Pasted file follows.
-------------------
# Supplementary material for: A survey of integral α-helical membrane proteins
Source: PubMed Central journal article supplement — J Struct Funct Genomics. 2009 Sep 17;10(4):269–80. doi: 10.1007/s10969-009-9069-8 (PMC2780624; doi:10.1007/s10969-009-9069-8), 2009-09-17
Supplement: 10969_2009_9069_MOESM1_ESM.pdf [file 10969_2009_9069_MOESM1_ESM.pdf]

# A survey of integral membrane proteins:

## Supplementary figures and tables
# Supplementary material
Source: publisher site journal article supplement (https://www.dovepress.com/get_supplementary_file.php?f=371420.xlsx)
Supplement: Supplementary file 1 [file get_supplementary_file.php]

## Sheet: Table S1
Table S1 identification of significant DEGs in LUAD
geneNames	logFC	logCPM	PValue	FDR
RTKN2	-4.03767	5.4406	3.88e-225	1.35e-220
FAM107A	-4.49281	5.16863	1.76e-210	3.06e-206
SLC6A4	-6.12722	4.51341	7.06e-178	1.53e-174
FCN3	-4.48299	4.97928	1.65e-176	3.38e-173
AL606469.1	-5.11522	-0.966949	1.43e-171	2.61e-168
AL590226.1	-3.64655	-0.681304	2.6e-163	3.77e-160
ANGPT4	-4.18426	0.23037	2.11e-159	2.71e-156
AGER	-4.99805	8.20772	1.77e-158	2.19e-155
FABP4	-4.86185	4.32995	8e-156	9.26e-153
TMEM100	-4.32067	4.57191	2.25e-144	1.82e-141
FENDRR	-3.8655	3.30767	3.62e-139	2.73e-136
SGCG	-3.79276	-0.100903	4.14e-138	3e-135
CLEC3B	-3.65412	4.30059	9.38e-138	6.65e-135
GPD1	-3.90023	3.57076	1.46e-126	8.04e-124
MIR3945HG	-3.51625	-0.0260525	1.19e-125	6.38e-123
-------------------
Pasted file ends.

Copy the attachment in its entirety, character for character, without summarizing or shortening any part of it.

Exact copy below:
# Supplementary material for: A survey of integral α-helical membrane proteins
Source: PubMed Central journal article supplement — J Struct Funct Genomics. 2009 Sep 17;10(4):269–80. doi: 10.1007/s10969-009-9069-8 (PMC2780624; doi:10.1007/s10969-009-9069-8), 2009-09-17
Supplement: 10969_2009_9069_MOESM1_ESM.pdf [file 10969_2009_9069_MOESM1_ESM.pdf]

# A survey of integral membrane proteins:

## Supplementary figures and tables
# Supplementary material
Source: publisher site journal article supplement (https://www.dovepress.com/get_supplementary_file.php?f=371420.xlsx)
Supplement: Supplementary file 1 [file get_supplementary_file.php]

## Sheet: Table S1
Table S1 identification of significant DEGs in LUAD
geneNames	logFC	logCPM	PValue	FDR
RTKN2	-4.03767	5.4406	3.88e-225	1.35e-220
FAM107A	-4.49281	5.16863	1.76e-210	3.06e-206
SLC6A4	-6.12722	4.51341	7.06e-178	1.53e-174
FCN3	-4.48299	4.97928	1.65e-176	3.38e-173
AL606469.1	-5.11522	-0.966949	1.43e-171	2.61e-168
AL590226.1	-3.64655	-0.681304	2.6e-163	3.77e-160
ANGPT4	-4.18426	0.23037	2.11e-159	2.71e-156
AGER	-4.99805	8.20772	1.77e-158	2.19e-155
FABP4	-4.86185	4.32995	8e-156	9.26e-153
TMEM100	-4.32067	4.57191	2.25e-144	1.82e-141
FENDRR	-3.8655	3.30767	3.62e-139	2.73e-136
SGCG	-3.79276	-0.100903	4.14e-138	3e-135
CLEC3B	-3.65412	4.30059	9.38e-138	6.65e-135
GPD1	-3.90023	3.57076	1.46e-126	8.04e-124
MIR3945HG	-3.51625	-0.0260525	1.19e-125	6.38e-123